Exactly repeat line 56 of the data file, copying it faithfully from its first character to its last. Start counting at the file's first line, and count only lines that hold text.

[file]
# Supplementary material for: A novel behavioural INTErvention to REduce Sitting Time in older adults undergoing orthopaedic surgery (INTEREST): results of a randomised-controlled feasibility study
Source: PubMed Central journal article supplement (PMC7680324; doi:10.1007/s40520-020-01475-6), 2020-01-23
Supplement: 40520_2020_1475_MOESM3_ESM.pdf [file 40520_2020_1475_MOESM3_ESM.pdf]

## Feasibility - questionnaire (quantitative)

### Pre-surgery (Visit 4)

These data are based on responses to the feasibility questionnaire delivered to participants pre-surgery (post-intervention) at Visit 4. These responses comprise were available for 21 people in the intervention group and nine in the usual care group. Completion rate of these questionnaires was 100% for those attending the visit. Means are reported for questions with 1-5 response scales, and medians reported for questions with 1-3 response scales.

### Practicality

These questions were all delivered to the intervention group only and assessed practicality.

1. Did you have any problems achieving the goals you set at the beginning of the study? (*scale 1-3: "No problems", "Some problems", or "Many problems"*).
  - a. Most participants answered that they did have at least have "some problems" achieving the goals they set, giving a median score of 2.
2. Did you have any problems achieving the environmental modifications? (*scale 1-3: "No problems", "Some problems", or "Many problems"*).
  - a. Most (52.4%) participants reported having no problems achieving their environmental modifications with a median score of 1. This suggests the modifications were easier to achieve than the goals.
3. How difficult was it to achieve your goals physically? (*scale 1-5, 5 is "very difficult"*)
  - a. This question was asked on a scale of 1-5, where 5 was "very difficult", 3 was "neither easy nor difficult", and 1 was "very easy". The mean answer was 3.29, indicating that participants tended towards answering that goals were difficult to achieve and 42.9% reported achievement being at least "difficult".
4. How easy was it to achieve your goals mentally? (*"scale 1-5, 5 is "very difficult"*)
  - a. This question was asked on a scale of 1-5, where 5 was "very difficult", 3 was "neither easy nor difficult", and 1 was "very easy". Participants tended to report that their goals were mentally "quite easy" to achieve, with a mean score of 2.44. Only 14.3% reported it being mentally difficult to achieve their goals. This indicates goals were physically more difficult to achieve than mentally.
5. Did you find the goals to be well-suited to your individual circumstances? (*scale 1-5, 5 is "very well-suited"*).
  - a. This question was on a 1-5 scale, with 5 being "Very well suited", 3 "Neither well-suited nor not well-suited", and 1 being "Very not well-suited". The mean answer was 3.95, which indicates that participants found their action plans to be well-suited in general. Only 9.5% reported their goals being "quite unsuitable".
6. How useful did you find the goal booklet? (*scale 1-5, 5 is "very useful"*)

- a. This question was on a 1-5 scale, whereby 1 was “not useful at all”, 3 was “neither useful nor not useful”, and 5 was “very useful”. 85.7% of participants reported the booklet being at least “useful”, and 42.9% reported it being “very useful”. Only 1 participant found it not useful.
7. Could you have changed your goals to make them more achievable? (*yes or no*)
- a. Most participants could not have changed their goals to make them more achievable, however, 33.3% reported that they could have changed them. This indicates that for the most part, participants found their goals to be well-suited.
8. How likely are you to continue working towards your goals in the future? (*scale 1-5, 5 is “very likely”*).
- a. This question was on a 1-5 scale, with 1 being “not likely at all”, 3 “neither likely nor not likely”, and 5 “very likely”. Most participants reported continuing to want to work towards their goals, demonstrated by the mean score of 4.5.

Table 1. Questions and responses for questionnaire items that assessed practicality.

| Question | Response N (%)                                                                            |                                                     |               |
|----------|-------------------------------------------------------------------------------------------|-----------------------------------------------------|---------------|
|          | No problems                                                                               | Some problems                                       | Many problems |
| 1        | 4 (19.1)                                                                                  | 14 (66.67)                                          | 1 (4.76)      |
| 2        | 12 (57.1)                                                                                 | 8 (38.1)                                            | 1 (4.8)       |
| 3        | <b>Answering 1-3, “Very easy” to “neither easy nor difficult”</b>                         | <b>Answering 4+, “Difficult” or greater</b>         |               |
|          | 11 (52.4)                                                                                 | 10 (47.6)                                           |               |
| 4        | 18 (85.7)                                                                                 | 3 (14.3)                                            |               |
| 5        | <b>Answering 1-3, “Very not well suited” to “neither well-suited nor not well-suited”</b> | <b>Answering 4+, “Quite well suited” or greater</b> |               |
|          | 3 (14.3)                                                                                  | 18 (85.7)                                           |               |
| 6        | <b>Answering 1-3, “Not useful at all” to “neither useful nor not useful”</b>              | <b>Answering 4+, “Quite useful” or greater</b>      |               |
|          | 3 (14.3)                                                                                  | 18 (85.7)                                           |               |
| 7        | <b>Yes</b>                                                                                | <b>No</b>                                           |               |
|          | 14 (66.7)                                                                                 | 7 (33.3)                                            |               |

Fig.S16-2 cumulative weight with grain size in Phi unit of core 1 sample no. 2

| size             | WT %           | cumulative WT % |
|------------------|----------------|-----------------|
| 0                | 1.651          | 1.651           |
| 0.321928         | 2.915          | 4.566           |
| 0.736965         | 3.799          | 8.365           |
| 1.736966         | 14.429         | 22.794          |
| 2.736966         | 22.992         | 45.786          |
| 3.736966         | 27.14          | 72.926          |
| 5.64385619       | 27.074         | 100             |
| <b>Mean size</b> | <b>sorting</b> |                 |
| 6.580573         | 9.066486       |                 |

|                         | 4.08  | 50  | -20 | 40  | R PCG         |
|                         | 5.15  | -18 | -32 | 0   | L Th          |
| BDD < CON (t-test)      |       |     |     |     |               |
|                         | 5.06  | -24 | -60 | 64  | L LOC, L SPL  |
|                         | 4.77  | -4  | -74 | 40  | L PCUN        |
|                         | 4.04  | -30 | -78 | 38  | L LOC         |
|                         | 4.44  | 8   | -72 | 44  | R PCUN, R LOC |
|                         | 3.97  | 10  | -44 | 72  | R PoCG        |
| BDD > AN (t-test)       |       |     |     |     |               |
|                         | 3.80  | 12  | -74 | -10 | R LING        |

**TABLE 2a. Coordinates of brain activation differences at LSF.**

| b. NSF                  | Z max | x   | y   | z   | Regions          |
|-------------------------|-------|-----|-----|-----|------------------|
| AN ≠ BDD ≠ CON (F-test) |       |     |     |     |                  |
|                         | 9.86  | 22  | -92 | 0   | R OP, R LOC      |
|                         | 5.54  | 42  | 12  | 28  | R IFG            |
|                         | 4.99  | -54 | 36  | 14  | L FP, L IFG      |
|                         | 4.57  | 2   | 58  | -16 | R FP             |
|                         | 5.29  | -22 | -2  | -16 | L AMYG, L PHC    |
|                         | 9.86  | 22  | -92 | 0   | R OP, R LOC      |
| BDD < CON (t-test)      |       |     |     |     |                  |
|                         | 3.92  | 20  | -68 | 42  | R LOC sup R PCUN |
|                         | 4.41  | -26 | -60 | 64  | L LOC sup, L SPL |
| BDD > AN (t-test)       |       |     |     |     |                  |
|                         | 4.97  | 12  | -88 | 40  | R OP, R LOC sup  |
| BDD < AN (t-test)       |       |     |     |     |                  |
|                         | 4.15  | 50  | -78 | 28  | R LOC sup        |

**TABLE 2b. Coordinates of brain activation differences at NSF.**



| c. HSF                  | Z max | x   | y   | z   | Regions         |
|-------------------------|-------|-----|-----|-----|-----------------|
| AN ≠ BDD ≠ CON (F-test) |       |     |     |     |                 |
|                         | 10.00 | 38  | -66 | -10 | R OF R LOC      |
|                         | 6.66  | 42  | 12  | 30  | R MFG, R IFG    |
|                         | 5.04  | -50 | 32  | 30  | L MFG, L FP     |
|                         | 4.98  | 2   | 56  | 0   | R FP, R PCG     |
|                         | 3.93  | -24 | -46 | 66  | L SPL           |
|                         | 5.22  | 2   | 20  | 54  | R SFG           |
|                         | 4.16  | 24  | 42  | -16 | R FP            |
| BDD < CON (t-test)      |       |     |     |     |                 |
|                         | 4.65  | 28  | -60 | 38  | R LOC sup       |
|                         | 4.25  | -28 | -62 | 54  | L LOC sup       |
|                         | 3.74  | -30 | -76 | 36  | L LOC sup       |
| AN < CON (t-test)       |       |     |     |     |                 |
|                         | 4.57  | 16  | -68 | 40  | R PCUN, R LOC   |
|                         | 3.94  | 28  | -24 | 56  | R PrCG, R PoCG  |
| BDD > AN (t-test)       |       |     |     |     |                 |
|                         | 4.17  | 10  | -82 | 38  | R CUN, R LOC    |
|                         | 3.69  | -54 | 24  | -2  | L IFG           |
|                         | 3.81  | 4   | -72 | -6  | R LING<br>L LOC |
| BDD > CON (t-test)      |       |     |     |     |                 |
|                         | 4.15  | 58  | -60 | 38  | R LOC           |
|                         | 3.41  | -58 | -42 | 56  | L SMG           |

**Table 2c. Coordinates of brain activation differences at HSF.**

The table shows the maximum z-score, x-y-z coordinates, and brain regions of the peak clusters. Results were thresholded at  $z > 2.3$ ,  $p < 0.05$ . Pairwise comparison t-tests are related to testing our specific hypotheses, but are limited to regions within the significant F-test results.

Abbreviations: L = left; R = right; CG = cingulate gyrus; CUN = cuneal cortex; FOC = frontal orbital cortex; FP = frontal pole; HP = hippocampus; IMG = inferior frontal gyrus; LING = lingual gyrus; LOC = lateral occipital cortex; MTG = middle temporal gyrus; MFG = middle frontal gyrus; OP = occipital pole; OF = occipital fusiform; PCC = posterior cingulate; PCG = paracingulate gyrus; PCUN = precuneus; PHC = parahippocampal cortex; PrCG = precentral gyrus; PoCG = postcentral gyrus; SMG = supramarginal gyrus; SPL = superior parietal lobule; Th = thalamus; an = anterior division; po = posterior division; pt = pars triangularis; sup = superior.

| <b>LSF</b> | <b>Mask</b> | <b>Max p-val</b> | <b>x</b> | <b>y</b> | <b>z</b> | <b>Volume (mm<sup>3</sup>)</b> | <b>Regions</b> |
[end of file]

|                         | 4.77  | -4  | -74 | 40  | L PCUN        |